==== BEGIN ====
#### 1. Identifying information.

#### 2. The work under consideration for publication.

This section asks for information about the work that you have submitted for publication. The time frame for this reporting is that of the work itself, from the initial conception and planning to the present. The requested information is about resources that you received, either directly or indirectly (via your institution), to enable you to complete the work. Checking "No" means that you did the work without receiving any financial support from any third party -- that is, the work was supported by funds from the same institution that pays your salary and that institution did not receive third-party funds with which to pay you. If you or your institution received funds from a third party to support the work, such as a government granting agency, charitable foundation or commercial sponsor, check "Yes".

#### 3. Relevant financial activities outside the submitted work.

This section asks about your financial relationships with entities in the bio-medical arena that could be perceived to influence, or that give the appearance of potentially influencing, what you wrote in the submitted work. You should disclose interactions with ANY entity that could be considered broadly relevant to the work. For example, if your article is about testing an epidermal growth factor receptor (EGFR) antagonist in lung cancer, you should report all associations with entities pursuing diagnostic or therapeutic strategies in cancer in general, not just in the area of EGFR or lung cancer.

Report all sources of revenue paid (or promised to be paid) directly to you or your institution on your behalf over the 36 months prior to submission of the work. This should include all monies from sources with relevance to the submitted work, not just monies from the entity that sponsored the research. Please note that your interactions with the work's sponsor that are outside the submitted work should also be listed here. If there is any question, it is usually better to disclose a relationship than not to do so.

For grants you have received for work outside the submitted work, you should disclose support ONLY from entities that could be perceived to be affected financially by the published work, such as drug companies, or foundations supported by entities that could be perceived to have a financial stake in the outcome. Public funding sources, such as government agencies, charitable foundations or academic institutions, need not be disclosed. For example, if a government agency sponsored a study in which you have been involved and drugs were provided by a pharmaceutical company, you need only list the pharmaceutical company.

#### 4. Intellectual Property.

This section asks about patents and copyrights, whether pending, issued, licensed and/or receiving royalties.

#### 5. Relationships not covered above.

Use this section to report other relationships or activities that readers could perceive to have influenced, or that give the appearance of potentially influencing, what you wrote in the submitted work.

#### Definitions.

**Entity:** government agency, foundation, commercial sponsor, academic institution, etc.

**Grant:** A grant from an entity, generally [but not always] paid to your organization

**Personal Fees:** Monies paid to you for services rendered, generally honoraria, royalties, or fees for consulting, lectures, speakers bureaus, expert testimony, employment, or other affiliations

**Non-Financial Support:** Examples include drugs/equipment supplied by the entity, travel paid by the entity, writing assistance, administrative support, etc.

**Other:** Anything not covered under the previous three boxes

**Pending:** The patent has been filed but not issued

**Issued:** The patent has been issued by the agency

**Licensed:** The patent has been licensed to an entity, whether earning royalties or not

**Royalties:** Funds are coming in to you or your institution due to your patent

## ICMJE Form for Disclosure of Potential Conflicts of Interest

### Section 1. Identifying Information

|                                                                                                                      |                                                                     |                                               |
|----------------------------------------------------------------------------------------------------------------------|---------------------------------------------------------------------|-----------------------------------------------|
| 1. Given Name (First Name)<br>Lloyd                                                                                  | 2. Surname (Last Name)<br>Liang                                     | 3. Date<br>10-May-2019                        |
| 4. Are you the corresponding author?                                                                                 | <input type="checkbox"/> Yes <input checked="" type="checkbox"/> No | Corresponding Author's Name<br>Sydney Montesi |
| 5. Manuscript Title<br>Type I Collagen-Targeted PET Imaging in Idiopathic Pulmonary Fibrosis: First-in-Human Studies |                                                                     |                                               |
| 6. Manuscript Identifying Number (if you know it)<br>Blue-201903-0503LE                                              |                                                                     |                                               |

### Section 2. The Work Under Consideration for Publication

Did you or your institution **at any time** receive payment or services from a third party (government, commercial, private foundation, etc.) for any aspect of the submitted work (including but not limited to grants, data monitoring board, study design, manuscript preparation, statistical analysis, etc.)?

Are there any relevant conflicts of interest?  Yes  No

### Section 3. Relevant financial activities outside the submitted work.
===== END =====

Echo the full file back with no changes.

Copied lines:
#### 1. Identifying information.

#### 2. The work under consideration for publication.

This section asks for information about the work that you have submitted for publication. The time frame for this reporting is that of the work itself, from the initial conception and planning to the present. The requested information is about resources that you received, either directly or indirectly (via your institution), to enable you to complete the work. Checking "No" means that you did the work without receiving any financial support from any third party -- that is, the work was supported by funds from the same institution that pays your salary and that institution did not receive third-party funds with which to pay you. If you or your institution received funds from a third party to support the work, such as a government granting agency, charitable foundation or commercial sponsor, check "Yes".

#### 3. Relevant financial activities outside the submitted work.

This section asks about your financial relationships with entities in the bio-medical arena that could be perceived to influence, or that give the appearance of potentially influencing, what you wrote in the submitted work. You should disclose interactions with ANY entity that could be considered broadly relevant to the work. For example, if your article is about testing an epidermal growth factor receptor (EGFR) antagonist in lung cancer, you should report all associations with entities pursuing diagnostic or therapeutic strategies in cancer in general, not just in the area of EGFR or lung cancer.

Report all sources of revenue paid (or promised to be paid) directly to you or your institution on your behalf over the 36 months prior to submission of the work. This should include all monies from sources with relevance to the submitted work, not just monies from the entity that sponsored the research. Please note that your interactions with the work's sponsor that are outside the submitted work should also be listed here. If there is any question, it is usually better to disclose a relationship than not to do so.

For grants you have received for work outside the submitted work, you should disclose support ONLY from entities that could be perceived to be affected financially by the published work, such as drug companies, or foundations supported by entities that could be perceived to have a financial stake in the outcome. Public funding sources, such as government agencies, charitable foundations or academic institutions, need not be disclosed. For example, if a government agency sponsored a study in which you have been involved and drugs were provided by a pharmaceutical company, you need only list the pharmaceutical company.

#### 4. Intellectual Property.

This section asks about patents and copyrights, whether pending, issued, licensed and/or receiving royalties.

#### 5. Relationships not covered above.

Use this section to report other relationships or activities that readers could perceive to have influenced, or that give the appearance of potentially influencing, what you wrote in the submitted work.

#### Definitions.

**Entity:** government agency, foundation, commercial sponsor, academic institution, etc.

**Grant:** A grant from an entity, generally [but not always] paid to your organization

**Personal Fees:** Monies paid to you for services rendered, generally honoraria, royalties, or fees for consulting, lectures, speakers bureaus, expert testimony, employment, or other affiliations

**Non-Financial Support:** Examples include drugs/equipment supplied by the entity, travel paid by the entity, writing assistance, administrative support, etc.

**Other:** Anything not covered under the previous three boxes

**Pending:** The patent has been filed but not issued

**Issued:** The patent has been issued by the agency

**Licensed:** The patent has been licensed to an entity, whether earning royalties or not

**Royalties:** Funds are coming in to you or your institution due to your patent

## ICMJE Form for Disclosure of Potential Conflicts of Interest

### Section 1. Identifying Information

|                                                                                                                      |                                                                     |                                               |
|----------------------------------------------------------------------------------------------------------------------|---------------------------------------------------------------------|-----------------------------------------------|
| 1. Given Name (First Name)<br>Lloyd                                                                                  | 2. Surname (Last Name)<br>Liang                                     | 3. Date<br>10-May-2019                        |
| 4. Are you the corresponding author?                                                                                 | <input type="checkbox"/> Yes <input checked="" type="checkbox"/> No | Corresponding Author's Name<br>Sydney Montesi |
| 5. Manuscript Title<br>Type I Collagen-Targeted PET Imaging in Idiopathic Pulmonary Fibrosis: First-in-Human Studies |                                                                     |                                               |
| 6. Manuscript Identifying Number (if you know it)<br>Blue-201903-0503LE                                              |                                                                     |                                               |

### Section 2. The Work Under Consideration for Publication

Did you or your institution **at any time** receive payment or services from a third party (government, commercial, private foundation, etc.) for any aspect of the submitted work (including but not limited to grants, data monitoring board, study design, manuscript preparation, statistical analysis, etc.)?

Are there any relevant conflicts of interest?  Yes  No

### Section 3. Relevant financial activities outside the submitted work.